The TZXDuino Compact v1.01 PCBs arrived today from Hackvana.com I have built one and tested it successfully, so the design files are on the AVR Projects page. Feel free to use the Gerbers with your favourite fabricator (Hackvana are good!). Alternatively, you might like to modify the design to suit your own requirements so I have included the KiCad files and a schematic along with the latest (v1.7b at the time of publishing) arduino code.

TZXDuino Compact v1.01 In Action

TZXDuino Compact v1.01 In Action

For some TZX/TAP files, the output seems a little weak but in conversation with Duncan Edwards, one of the designers of the original device, he told me that later Spectrums do suffer from a less sensitive input. I will look into updating the design with a small amplifier to alleviate this issue. It has also come to my attention that I’m using the wrong display. The code specifies a 128×32 OLED and I have used a 128×64 OLED version. All this does is stretch the characters though so it’s OK to do so. The connections are the same. Admittedly, it does look slightly better in smaller text but the display is rotated 90 degrees. Choose which one you feel works best for your application.

Meanwhile, the composite mod suggested by Andrew Gostling wouldn’t drive the Dell UltraSharp 2007FP monitor. It seems that this particular monitor is really picky with it’s input signal. It also fails to work with my ZX Uno. I have since started using an alternative Dell E173FPf monitor along with a ZX-HD interface, driving a HDMI to VGA adaptor. The ‘2007FP will be pressed into service elsewhere!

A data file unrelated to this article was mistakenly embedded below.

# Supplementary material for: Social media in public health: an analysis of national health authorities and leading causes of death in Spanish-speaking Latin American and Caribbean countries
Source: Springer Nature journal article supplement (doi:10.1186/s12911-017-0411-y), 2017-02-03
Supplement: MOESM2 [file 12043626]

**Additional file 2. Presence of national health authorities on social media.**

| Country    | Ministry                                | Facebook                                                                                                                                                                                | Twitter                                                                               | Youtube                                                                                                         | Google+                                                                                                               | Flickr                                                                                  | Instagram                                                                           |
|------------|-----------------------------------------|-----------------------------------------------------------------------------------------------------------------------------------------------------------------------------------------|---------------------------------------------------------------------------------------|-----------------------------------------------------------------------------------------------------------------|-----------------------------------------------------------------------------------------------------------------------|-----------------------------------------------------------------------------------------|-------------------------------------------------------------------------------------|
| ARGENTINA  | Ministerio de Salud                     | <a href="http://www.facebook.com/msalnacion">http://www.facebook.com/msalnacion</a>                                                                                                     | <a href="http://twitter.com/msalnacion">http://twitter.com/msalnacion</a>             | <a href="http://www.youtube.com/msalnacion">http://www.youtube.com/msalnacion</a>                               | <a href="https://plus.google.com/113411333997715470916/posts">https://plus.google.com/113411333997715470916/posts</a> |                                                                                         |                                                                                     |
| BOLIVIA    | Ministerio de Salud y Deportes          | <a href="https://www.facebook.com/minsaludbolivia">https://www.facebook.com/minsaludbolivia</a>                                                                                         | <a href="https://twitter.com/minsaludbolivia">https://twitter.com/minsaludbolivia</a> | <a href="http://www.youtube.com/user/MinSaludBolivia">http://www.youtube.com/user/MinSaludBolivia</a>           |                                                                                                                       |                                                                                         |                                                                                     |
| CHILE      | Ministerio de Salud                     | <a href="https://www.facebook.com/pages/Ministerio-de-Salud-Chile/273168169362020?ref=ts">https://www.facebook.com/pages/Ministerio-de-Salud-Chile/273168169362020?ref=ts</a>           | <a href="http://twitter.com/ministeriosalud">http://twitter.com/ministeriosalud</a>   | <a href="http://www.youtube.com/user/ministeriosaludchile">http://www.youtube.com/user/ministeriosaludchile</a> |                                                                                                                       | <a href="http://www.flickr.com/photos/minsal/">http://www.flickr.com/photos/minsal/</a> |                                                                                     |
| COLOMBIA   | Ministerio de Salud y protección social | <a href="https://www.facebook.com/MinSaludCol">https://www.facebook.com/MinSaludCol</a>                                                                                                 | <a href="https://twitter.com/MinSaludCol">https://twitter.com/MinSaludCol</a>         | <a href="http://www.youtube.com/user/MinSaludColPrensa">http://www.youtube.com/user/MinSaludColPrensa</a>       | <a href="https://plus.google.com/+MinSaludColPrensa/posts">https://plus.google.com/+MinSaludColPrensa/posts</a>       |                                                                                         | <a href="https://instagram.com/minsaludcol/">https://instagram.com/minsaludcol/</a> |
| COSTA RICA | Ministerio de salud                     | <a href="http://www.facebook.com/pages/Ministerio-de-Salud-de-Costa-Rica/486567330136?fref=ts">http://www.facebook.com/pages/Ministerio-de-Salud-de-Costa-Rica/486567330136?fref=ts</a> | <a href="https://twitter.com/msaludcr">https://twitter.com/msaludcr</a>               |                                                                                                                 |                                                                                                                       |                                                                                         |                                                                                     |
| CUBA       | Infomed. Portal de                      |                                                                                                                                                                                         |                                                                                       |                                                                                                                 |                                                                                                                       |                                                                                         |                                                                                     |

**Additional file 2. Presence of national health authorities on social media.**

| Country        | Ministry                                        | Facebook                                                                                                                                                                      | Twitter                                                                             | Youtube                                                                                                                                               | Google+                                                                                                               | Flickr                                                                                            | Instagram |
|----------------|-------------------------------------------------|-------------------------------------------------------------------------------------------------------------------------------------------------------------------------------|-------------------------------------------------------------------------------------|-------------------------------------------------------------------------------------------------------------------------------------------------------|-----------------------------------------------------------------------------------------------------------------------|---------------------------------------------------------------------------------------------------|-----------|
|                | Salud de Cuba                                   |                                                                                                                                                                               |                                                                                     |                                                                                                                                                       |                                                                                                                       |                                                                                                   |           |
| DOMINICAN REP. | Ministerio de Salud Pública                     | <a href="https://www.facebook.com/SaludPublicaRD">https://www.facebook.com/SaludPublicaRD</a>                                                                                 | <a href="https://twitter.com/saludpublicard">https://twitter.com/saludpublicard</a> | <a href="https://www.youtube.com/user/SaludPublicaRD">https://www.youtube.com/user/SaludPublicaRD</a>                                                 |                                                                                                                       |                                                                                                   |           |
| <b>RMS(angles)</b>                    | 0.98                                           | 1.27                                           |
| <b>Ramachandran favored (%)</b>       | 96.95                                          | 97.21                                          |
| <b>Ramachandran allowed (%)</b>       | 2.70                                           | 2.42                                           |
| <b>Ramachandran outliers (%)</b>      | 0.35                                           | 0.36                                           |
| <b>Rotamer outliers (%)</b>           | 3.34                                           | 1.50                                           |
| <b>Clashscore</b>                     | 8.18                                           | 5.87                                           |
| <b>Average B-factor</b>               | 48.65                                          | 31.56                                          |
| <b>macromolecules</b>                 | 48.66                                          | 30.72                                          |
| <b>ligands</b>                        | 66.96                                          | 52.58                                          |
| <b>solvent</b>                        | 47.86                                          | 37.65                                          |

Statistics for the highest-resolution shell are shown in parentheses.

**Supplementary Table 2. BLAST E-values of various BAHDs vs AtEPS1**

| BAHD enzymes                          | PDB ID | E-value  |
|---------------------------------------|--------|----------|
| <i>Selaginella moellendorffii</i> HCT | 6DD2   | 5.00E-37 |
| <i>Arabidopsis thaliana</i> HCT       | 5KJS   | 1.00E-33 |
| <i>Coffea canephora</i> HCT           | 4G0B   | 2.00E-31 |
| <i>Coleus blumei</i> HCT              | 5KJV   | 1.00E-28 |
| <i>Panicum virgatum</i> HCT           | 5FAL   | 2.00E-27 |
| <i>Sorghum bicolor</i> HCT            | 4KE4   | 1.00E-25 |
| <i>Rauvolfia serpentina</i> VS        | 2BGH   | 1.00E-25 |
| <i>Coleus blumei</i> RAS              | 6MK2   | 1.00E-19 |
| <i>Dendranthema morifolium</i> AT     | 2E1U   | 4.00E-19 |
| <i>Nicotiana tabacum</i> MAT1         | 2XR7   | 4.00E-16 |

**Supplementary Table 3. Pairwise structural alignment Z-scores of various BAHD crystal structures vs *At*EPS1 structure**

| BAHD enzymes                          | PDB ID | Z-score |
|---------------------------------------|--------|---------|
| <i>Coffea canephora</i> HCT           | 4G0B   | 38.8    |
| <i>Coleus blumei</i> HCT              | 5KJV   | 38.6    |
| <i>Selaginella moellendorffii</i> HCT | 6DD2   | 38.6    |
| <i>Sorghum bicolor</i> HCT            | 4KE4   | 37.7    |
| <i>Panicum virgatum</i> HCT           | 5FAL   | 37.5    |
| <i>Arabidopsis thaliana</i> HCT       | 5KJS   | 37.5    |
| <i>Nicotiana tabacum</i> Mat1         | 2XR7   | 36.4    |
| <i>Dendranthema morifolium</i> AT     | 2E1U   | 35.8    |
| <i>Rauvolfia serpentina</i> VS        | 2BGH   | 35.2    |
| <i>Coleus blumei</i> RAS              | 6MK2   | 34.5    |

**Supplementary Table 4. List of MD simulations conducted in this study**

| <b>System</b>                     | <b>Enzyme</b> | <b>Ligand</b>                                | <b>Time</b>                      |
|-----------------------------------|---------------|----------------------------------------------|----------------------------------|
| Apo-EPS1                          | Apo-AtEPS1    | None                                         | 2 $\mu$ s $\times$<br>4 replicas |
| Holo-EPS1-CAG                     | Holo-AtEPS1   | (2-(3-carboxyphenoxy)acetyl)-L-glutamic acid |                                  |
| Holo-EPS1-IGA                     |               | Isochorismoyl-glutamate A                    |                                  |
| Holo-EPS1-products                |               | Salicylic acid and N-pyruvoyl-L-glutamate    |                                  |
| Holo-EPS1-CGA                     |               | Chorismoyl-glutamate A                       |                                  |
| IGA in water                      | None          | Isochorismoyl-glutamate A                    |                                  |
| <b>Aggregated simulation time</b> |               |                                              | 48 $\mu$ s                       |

I have a few other Spectrum related projects on the go. I have formalised Andrew Gostlings Composite Mod along with two other popular options and designed a PCB to replace the original 48K/128K/+2 modulator internals.

Spectrum 48K Video Mod

Spectrum 48K Video Mod

This I have yet to prove, but once I have had PCBs made and tested them I’ll be publishing the design files on here under Non-AVR Projects.

Another Spectrum related project is a Floppy Drive adaptor board for the Spectrum +3 It is meant to give the facility of easily making a connection cable up from an old PC style floppy cable and giving the facilites of both setting the drive as Drive A or B and also using Side 1 or 2. I have had no end of trouble with this one and development continues.

Yet a another project is an NMI interface, initially for 48K Spectrums. This will hopefully allow interruption of  any program running on the Spectrum and an alternative ROM to be paged in, similar to the Multiface except you can use a custom ROM. I’m hoping to be able to run the Multiface machine code monitor Genie and maybe the Specmate snapshot devices ROM Code.

 

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EPROM Info Table

One of the other things I am involved in is graphics. I have had this table knocking about on my hard drive for a while:

EPROM Table

EPROM Table

It’s avaliable from several sources and I find it very useful. Search as I might, I can’t find out who the original author was. In any case, I have re-drawn it and you can download if from HERE. I have pretty much stuck to the original document, certainly with the information.

New EPROM Table

New EPROM Table

Feel free to download and distribute as you wish but I take no responsibility for the accuracy of the information presented. Although I believe it to be correct, I suggest you verify it all before use.

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Spectrum Composite Mod and Refurb